Part of the cow blood ceremony… cows play a very large role in their economy and drinking the blood is a way to demonstrate and gain strength

Some spear throwing with the Maasai!

Rubbing some more dung!!

From the Hadzabe cultural boma!

Also from the Hadzabe cultural boma!! Making FIRE!

Wrapping things up with a picture of Maria, my homestay sister 🙂
And finally some hungera Barack Obama fabric!!


When Basic Rights are Privileges

I write having just camped outside Tarangire National Park for five days!!

A few highlights of the past week and a half:

We traveled to Selela, a villlage about an hour and a half away from our home base. There we learned about their land use plan set up by the community with an NGO. Quick overview: NGOs help the community gather $10,000, that money goes towards paying professionals for their recommendations about the most sustainable use of land.
The main source of conflict in Selela is between farmers, pastoralists and the wildlife as they compete for land. The land use plan broke up the land in a fair and sustainable way, and now the community meets regularly to discuss how to improve it.

I did leave Selela feeling disheartened. Though there were water sources, overall, water remains a precious resource, and clean water is not accessible at all. This is undoubtedly an injustice and is 100% dis-empowering the community. Not only is typhoid spreading through dirty water, but economically and environmentally, locals are not able to maximize the farmland or pastoral land that they have… hence why they continue cutting down forest land because it’s all about quantity instead of quality.

Questions I’m going to research more about: is there a sustainable way to fix the water crisis? What kind of research is being done about water? And is there some kind of project I can be involved in to learn more about it?

Aside from Selela, we also spent time at a primary school and a tree nursery! Both super cool places and both examples of local level empowerment! The tree nursery is in place due to the deforestation that is taken place in the past 40 years to allow for land cultivation. People in Tanzania were economically dis-empowered during colonization, and farming allowed for a way forward post-independence. That said, farming is now backfiring as over-cultivation has led to intense land erosion and poor soil quality. Now land is not nearly as productive, the ecosystem has been destructed and wood and water have become very precious and inaccessible resources.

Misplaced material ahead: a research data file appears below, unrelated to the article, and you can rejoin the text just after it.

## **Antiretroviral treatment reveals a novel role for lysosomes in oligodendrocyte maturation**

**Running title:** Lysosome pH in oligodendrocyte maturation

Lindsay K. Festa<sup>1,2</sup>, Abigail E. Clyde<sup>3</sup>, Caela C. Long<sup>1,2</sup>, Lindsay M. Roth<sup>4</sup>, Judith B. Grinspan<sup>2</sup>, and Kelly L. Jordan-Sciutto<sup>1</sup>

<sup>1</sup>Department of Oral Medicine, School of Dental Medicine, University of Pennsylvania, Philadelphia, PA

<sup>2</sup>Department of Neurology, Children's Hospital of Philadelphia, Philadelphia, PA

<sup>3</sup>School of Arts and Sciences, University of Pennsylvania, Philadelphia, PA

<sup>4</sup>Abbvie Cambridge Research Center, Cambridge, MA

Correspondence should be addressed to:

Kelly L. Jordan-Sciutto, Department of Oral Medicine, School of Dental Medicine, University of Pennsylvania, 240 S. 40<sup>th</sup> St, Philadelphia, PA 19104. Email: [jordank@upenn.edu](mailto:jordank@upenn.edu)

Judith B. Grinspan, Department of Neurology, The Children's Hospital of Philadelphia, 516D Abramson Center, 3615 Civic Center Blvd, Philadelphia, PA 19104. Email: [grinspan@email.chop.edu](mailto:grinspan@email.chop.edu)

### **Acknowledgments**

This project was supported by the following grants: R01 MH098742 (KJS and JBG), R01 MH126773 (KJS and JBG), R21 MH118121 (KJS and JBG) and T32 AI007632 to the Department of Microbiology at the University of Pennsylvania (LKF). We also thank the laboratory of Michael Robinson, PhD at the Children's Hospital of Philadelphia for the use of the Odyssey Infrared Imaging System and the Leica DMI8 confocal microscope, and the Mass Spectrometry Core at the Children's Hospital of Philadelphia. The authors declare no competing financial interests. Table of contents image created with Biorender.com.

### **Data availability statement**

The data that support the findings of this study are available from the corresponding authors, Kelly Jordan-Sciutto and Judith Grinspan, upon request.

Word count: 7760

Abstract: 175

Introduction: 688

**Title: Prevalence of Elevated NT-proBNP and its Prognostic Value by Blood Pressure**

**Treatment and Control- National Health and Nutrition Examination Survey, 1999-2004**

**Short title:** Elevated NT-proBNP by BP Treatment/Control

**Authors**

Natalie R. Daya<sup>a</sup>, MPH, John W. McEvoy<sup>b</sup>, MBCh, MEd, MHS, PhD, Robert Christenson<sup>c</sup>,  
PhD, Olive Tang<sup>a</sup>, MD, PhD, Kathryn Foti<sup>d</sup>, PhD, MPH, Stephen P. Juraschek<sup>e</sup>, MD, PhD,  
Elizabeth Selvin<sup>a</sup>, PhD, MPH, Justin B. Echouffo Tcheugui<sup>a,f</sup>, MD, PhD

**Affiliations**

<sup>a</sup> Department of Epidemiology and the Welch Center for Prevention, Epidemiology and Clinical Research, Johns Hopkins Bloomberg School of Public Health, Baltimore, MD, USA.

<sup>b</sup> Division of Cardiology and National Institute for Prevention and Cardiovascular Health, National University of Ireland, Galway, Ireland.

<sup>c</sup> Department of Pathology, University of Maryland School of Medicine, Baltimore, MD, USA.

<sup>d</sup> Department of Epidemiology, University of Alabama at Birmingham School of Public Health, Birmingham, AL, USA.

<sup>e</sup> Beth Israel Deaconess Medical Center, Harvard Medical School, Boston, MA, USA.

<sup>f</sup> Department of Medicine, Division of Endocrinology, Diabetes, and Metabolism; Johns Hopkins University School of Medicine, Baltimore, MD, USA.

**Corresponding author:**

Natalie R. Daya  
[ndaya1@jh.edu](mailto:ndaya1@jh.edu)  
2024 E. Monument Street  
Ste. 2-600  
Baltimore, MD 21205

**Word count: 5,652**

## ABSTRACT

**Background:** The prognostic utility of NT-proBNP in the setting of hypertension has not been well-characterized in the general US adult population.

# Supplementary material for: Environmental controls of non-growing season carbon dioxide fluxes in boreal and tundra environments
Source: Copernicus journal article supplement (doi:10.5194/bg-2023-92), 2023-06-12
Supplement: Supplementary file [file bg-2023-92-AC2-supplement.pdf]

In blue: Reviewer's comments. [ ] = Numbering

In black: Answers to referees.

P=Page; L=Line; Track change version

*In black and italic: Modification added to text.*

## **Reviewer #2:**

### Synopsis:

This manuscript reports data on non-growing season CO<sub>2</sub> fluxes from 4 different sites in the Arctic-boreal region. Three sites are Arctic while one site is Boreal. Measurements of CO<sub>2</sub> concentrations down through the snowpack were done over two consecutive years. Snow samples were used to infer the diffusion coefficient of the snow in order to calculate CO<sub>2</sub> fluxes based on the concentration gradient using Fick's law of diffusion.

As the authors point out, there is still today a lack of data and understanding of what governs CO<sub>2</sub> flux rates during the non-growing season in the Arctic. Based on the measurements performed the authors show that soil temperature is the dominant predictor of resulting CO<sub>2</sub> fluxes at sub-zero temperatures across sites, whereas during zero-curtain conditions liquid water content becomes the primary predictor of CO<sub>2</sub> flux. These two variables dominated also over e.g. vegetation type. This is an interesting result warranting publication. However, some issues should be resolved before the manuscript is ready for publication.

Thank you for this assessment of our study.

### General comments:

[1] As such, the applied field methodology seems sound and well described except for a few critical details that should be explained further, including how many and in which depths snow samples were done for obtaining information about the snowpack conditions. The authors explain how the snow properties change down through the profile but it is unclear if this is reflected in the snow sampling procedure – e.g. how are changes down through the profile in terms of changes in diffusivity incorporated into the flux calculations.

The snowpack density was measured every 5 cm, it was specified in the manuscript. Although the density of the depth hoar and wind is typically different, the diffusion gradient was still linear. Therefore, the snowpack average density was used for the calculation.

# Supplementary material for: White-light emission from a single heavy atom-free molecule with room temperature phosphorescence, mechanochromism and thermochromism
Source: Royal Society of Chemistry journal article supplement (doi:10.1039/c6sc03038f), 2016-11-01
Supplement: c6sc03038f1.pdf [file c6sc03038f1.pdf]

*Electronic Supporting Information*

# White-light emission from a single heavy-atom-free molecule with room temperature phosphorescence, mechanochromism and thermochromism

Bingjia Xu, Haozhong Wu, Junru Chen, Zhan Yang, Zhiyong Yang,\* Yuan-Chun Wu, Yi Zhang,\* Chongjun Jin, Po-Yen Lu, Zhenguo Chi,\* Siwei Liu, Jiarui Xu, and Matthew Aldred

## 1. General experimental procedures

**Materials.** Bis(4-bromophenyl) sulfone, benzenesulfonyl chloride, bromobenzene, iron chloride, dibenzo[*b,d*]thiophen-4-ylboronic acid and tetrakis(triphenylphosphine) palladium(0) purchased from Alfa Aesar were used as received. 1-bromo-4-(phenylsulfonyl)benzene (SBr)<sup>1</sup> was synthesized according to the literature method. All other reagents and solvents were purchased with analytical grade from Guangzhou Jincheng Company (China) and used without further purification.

In terms of the school, I was wary upon first going because I was skeptical that it might enable the white savior complex. I was very pleasantly surprised though! Quick overview: The primary school currently provides an education to 1000 students, and accepts any student who shows up and wants an education. Sponsors in Europe and the US are able to donate $1,500 to cover a students educational and Heath fees for their whole educational career! My favorite part of the school is the fact that students do not need a sponsor to receive an education; aka they don’t need a savior. Though the school was dependent on Western funds to begin with, it is now run by locals and empowering students to be leaders within their own communities… super cool stuff! That said, proper education continues to be a poignant issue throughout Tanzania, which is something I am having a very difficult time coming to terms with.

I continue to wrestle with the brutal reality of how education, water and energy are scarce to so many local community members; however, on a more positive note, I look forward to learning about effective policies and community driven NGOs that are shaping a better future.

I attached lots of pictures below (including safari pics)!! Enjoy!!!!

Planted some trees!
My friend, Hance from town! :))))))))
There are no words to describe what seeing this many elephants in real life feels life
Uhhhhhhhhh fam, there’s a monkey trying to steal your ice cream
Making some cabbage at my home stay!
Our super cute garden; home made!
When studying human-wildlife conflicts
Homestay family!
Seeing a lion this close genuinely left me in shock!
More lion friends!
Quick break from safari!
Afternoon out at the local club!!!!!!!
Picture this: all you can buffet for $15 with all fresh, locally grown food…. this picture was taken before eating 8 plates of food 😉
Paskalina and Hance!!!! After Church and breakfast 🙂
When studying human-wildlife conflicts part 2